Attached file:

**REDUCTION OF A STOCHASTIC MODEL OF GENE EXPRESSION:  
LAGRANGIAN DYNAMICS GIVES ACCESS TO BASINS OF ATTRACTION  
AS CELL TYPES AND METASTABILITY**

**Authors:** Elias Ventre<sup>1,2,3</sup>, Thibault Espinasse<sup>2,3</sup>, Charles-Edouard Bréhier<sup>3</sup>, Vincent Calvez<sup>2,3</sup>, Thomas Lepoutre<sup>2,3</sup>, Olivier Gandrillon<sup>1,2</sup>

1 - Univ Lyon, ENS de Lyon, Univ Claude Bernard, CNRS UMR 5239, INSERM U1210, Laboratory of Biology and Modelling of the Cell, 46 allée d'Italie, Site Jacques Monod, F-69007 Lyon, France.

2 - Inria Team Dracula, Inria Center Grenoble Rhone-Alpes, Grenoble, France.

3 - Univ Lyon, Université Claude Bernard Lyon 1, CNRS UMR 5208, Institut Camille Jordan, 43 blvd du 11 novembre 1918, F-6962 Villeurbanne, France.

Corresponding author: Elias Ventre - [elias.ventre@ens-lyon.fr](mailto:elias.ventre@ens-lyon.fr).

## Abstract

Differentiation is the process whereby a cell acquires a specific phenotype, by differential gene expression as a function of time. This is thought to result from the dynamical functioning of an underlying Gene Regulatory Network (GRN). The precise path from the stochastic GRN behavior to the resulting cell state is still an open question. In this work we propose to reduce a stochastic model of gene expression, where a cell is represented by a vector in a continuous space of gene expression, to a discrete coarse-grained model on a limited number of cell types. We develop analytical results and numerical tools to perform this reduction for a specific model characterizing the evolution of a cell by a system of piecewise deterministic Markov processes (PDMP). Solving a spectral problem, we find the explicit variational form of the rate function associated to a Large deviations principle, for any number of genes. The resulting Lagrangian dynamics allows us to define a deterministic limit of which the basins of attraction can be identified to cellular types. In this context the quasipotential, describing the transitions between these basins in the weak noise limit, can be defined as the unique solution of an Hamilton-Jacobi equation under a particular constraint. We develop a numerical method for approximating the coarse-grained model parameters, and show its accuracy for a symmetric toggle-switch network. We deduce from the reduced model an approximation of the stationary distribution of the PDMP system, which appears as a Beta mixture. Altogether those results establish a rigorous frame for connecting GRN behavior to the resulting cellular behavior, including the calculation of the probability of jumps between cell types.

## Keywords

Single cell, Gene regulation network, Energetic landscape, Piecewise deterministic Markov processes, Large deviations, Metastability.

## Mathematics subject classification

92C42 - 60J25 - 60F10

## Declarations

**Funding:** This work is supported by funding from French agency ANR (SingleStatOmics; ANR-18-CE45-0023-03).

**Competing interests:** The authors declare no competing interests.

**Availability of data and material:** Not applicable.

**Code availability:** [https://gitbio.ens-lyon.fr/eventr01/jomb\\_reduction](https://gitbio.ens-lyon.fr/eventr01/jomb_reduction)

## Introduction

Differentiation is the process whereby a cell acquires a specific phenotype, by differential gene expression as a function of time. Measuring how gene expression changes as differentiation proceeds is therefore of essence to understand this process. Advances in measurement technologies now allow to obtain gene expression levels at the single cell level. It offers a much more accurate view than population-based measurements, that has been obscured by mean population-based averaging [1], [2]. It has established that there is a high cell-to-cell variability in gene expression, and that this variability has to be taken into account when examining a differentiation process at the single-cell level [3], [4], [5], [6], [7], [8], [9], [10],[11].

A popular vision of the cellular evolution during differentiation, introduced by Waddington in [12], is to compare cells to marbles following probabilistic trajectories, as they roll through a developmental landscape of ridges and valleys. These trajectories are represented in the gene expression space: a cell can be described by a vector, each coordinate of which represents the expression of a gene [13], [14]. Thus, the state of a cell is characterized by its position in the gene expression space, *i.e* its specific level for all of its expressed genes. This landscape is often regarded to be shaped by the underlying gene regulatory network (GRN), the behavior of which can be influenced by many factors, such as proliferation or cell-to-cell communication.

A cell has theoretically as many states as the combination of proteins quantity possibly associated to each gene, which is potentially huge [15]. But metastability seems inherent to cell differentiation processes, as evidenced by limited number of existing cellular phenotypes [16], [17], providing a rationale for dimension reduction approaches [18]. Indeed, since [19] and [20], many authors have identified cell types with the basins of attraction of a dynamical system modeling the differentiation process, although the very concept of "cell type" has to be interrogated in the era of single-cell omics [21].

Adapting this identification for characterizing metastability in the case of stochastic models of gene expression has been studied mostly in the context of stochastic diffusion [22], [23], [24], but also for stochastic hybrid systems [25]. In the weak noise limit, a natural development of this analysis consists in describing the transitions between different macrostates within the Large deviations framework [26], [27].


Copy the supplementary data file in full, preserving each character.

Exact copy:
**REDUCTION OF A STOCHASTIC MODEL OF GENE EXPRESSION:  
LAGRANGIAN DYNAMICS GIVES ACCESS TO BASINS OF ATTRACTION  
AS CELL TYPES AND METASTABILITY**

**Authors:** Elias Ventre<sup>1,2,3</sup>, Thibault Espinasse<sup>2,3</sup>, Charles-Edouard Bréhier<sup>3</sup>, Vincent Calvez<sup>2,3</sup>, Thomas Lepoutre<sup>2,3</sup>, Olivier Gandrillon<sup>1,2</sup>

1 - Univ Lyon, ENS de Lyon, Univ Claude Bernard, CNRS UMR 5239, INSERM U1210, Laboratory of Biology and Modelling of the Cell, 46 allée d'Italie, Site Jacques Monod, F-69007 Lyon, France.

2 - Inria Team Dracula, Inria Center Grenoble Rhone-Alpes, Grenoble, France.

3 - Univ Lyon, Université Claude Bernard Lyon 1, CNRS UMR 5208, Institut Camille Jordan, 43 blvd du 11 novembre 1918, F-6962 Villeurbanne, France.

Corresponding author: Elias Ventre - [elias.ventre@ens-lyon.fr](mailto:elias.ventre@ens-lyon.fr).

## Abstract

Differentiation is the process whereby a cell acquires a specific phenotype, by differential gene expression as a function of time. This is thought to result from the dynamical functioning of an underlying Gene Regulatory Network (GRN). The precise path from the stochastic GRN behavior to the resulting cell state is still an open question. In this work we propose to reduce a stochastic model of gene expression, where a cell is represented by a vector in a continuous space of gene expression, to a discrete coarse-grained model on a limited number of cell types. We develop analytical results and numerical tools to perform this reduction for a specific model characterizing the evolution of a cell by a system of piecewise deterministic Markov processes (PDMP). Solving a spectral problem, we find the explicit variational form of the rate function associated to a Large deviations principle, for any number of genes. The resulting Lagrangian dynamics allows us to define a deterministic limit of which the basins of attraction can be identified to cellular types. In this context the quasipotential, describing the transitions between these basins in the weak noise limit, can be defined as the unique solution of an Hamilton-Jacobi equation under a particular constraint. We develop a numerical method for approximating the coarse-grained model parameters, and show its accuracy for a symmetric toggle-switch network. We deduce from the reduced model an approximation of the stationary distribution of the PDMP system, which appears as a Beta mixture. Altogether those results establish a rigorous frame for connecting GRN behavior to the resulting cellular behavior, including the calculation of the probability of jumps between cell types.

## Keywords

Single cell, Gene regulation network, Energetic landscape, Piecewise deterministic Markov processes, Large deviations, Metastability.

## Mathematics subject classification

92C42 - 60J25 - 60F10

## Declarations

**Funding:** This work is supported by funding from French agency ANR (SingleStatOmics; ANR-18-CE45-0023-03).

**Competing interests:** The authors declare no competing interests.

**Availability of data and material:** Not applicable.

**Code availability:** [https://gitbio.ens-lyon.fr/eventr01/jomb\\_reduction](https://gitbio.ens-lyon.fr/eventr01/jomb_reduction)

## Introduction

Differentiation is the process whereby a cell acquires a specific phenotype, by differential gene expression as a function of time. Measuring how gene expression changes as differentiation proceeds is therefore of essence to understand this process. Advances in measurement technologies now allow to obtain gene expression levels at the single cell level. It offers a much more accurate view than population-based measurements, that has been obscured by mean population-based averaging [1], [2]. It has established that there is a high cell-to-cell variability in gene expression, and that this variability has to be taken into account when examining a differentiation process at the single-cell level [3], [4], [5], [6], [7], [8], [9], [10],[11].

A popular vision of the cellular evolution during differentiation, introduced by Waddington in [12], is to compare cells to marbles following probabilistic trajectories, as they roll through a developmental landscape of ridges and valleys. These trajectories are represented in the gene expression space: a cell can be described by a vector, each coordinate of which represents the expression of a gene [13], [14]. Thus, the state of a cell is characterized by its position in the gene expression space, *i.e* its specific level for all of its expressed genes. This landscape is often regarded to be shaped by the underlying gene regulatory network (GRN), the behavior of which can be influenced by many factors, such as proliferation or cell-to-cell communication.

A cell has theoretically as many states as the combination of proteins quantity possibly associated to each gene, which is potentially huge [15]. But metastability seems inherent to cell differentiation processes, as evidenced by limited number of existing cellular phenotypes [16], [17], providing a rationale for dimension reduction approaches [18]. Indeed, since [19] and [20], many authors have identified cell types with the basins of attraction of a dynamical system modeling the differentiation process, although the very concept of "cell type" has to be interrogated in the era of single-cell omics [21].

Adapting this identification for characterizing metastability in the case of stochastic models of gene expression has been studied mostly in the context of stochastic diffusion [22], [23], [24], but also for stochastic hybrid systems [25]. In the weak noise limit, a natural development of this analysis consists in describing the transitions between different macrostates within the Large deviations framework [26], [27].